Here's what you'll find in this section:
If I have a known distribution, but I don't know what the parameter
, etc.) are, how can I estimate these population parameters using a sample
of size n (sample statistics)? Given a population parameter of
interest, e.g., the population mean
or the population proportion
, we want to use a sample to compute a number that represents a ``good''
guess for the true value of the parameter. This number is called a point
estimate. We will use the Greek letter
(``theta'') to represent any of the parameters we will study such as
- Estimate A point estimate/ of a parameter
is a single number based on the sample data that we can consider to be
the most plausible value of
- Estimator The statistic (formula) used to obtain the point estimate.
- Point Estimator = Statistic (formula)
- Point Estimate = Number (calculated value)
Point Estimators for Different Situations
As we have seen before, we have several natural point estimates for
the various situations we will consider:
- For one sample from a continuous population, we use
- For independent samples from continuous populations, we use
to estimate the difference
. If we know that the variances of the two populations are the same,
, say, then we use the pooled estimate of variance,
- For paired data, we use the mean,
, and variance,
of the n differences
in the pairs to estimate the mean and variance of the population of
- For one sample from a 0-1 population we use the sample proportion
to estimate the population proportion
, while for two independent samples we use
- In the correlation setting, we use the sample correlation
coefficient r to estimate the population correlation
and the slope and the intercept of the least squares line to
estimate the slope and intercept of the true population line.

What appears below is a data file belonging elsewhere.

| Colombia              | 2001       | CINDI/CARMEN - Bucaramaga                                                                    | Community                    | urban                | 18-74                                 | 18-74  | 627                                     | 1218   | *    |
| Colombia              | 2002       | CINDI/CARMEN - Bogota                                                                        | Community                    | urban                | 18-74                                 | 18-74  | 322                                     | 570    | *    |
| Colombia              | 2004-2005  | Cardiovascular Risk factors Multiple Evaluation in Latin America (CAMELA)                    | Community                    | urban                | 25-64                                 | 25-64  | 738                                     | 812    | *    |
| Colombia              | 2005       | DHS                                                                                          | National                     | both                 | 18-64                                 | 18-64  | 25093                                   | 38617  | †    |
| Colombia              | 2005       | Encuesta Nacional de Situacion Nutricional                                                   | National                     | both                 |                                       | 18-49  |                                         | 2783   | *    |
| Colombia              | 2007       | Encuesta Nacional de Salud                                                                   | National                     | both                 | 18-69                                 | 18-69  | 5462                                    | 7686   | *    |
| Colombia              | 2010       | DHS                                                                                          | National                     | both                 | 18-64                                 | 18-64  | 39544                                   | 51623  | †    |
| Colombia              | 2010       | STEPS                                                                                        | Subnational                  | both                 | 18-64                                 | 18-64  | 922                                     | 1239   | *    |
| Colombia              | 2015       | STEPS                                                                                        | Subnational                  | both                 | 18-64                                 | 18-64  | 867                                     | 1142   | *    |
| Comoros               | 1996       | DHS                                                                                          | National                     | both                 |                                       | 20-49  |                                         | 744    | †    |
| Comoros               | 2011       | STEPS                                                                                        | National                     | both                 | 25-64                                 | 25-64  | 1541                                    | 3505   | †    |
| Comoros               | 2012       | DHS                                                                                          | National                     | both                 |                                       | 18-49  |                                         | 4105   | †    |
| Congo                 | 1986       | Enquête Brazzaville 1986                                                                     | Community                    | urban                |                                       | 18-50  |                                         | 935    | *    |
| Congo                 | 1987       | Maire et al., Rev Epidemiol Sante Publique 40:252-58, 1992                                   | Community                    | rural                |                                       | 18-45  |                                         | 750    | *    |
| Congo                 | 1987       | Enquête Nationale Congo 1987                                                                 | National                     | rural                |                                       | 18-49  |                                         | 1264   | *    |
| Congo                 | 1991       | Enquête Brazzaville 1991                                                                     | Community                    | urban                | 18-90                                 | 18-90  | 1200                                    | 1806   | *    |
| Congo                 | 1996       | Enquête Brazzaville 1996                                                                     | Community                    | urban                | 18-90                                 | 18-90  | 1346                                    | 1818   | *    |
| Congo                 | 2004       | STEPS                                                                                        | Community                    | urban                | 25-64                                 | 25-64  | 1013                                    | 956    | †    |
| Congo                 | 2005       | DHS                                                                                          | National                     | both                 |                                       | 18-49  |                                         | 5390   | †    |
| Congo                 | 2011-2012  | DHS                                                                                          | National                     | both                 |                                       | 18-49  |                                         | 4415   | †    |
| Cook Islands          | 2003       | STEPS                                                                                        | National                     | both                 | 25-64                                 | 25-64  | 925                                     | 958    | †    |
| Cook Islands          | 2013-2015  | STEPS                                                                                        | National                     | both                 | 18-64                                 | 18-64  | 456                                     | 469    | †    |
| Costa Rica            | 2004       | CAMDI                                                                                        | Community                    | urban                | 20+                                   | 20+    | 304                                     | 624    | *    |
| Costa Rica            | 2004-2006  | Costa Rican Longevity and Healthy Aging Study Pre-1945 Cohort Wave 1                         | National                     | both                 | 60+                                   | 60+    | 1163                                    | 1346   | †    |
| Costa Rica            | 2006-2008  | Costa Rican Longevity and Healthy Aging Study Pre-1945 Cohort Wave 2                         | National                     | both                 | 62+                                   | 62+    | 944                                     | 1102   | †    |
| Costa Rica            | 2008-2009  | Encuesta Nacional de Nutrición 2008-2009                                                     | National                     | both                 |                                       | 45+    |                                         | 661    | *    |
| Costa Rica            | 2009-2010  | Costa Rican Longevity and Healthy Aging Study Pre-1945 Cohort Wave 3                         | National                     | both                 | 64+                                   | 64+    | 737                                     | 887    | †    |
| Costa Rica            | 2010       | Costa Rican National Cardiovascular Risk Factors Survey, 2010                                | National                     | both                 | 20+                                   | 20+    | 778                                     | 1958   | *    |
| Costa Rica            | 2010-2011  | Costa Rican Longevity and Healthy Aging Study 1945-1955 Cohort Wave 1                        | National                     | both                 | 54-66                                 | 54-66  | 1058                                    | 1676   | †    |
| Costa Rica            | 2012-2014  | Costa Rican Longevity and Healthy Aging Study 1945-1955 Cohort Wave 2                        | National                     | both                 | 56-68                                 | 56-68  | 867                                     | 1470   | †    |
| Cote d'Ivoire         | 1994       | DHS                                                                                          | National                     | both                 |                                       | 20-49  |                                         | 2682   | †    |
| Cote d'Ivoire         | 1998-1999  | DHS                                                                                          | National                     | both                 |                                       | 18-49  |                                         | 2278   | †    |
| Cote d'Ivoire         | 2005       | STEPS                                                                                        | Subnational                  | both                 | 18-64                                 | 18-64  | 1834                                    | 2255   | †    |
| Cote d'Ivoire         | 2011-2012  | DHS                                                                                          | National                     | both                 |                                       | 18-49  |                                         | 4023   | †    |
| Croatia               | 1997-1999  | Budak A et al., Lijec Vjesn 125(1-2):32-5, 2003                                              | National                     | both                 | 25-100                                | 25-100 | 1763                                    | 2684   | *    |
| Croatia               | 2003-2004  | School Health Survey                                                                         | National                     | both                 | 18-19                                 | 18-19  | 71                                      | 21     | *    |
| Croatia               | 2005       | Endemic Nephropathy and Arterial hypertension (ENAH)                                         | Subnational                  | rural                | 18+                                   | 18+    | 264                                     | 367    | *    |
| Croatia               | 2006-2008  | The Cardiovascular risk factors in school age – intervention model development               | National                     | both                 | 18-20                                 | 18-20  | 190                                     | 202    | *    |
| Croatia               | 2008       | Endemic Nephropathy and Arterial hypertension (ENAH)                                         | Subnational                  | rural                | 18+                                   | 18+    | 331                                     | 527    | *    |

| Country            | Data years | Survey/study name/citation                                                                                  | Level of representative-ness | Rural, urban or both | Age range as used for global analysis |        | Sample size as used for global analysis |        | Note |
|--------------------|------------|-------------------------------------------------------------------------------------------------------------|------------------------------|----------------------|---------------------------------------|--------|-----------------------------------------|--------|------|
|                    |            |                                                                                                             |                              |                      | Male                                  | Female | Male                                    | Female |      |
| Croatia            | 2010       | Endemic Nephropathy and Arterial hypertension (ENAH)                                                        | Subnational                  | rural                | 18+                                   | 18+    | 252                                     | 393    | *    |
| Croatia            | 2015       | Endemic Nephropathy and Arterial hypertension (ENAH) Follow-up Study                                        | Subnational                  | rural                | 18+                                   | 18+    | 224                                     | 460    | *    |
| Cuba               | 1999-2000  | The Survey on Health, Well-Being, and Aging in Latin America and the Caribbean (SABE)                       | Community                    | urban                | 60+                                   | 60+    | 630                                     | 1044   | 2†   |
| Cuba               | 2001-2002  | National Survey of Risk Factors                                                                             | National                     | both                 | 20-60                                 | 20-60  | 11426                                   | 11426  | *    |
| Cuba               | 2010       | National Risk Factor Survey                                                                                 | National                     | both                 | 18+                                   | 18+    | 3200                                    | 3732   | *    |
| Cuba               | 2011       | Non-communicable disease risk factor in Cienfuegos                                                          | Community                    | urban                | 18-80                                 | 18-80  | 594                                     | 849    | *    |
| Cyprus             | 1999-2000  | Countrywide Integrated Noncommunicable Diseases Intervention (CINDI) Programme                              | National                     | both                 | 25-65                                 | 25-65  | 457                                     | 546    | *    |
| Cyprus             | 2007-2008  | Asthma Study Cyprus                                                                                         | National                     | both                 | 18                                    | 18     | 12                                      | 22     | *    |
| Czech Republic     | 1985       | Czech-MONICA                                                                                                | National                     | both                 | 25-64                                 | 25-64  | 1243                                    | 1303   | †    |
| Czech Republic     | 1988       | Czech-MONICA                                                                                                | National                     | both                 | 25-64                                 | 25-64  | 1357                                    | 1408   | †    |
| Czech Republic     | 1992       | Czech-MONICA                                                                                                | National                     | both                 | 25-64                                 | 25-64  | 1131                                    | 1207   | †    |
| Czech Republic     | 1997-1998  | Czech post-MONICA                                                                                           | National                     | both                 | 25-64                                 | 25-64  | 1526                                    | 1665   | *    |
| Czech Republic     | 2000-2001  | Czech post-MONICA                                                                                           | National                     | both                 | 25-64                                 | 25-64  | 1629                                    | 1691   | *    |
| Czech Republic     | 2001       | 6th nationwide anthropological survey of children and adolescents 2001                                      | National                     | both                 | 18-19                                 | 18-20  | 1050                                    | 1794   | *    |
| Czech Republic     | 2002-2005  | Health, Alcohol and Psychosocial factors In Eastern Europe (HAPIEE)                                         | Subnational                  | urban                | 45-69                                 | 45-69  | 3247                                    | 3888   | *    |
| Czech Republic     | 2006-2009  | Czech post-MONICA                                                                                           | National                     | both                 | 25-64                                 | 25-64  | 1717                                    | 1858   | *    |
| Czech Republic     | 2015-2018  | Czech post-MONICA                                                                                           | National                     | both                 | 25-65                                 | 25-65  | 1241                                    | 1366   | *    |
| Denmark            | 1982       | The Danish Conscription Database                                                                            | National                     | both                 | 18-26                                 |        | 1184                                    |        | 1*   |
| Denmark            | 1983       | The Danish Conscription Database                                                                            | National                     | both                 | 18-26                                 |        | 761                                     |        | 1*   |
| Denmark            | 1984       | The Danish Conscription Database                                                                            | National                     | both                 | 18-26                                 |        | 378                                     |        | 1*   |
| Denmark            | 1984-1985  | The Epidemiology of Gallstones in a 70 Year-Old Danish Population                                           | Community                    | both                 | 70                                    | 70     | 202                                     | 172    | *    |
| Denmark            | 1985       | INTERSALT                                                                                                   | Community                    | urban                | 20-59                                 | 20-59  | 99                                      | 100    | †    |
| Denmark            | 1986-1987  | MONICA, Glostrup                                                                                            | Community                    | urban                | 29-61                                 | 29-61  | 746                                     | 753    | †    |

Properties of Point Estimators
Consider three marksmen,
Here we have three different situations.
In statistical terminology, we say that
- Target 1 has all its shots clustered tightly together, but none
of them hit the bullseye.
- Target 2 has a large spread, but on average the bullseye is hit.
- Target 3 has a tight cluster around the bullseye.
If you were hiring for the police department, which shooter would you
want? In general in statistics, we want both unbiased and small
variance--an estimator that almost always is ``on target.''
- Target 1 is biased/ with a small variance.
- Target 2 is unbiased/ with a large variance.
- Target 3 is unbiased/ with a small variance.
Minimum Variance Unbiased Estimation
It is not always obvious what the best way to estimate a parameter
is. For example, the sample mean and sample median are both natural
estimators of the mean of a normal population. We want our estimator to
be like target 3: unbiased with the smallest possible variance. Thus, we
only look at unbiased estimators and choose the one with the smallest
variance. This we call the minimum variance unbiased estimator/
(MVUE) or the best unbiased estimator/ (BUE), because it is the
``best'' estimator we can get using only unbiased estimators.
NOTE:\ For the normal
distribution, the mean, median, and mode all occur at the same location.
Why do we usually use the mean,
, instead of the median,
? It turns out that both
are unbiased, but
has a smaller variance than
. In fact,
is the MVUE. See the ``Minimum variance estimation'' concept lab for
some examples of this.
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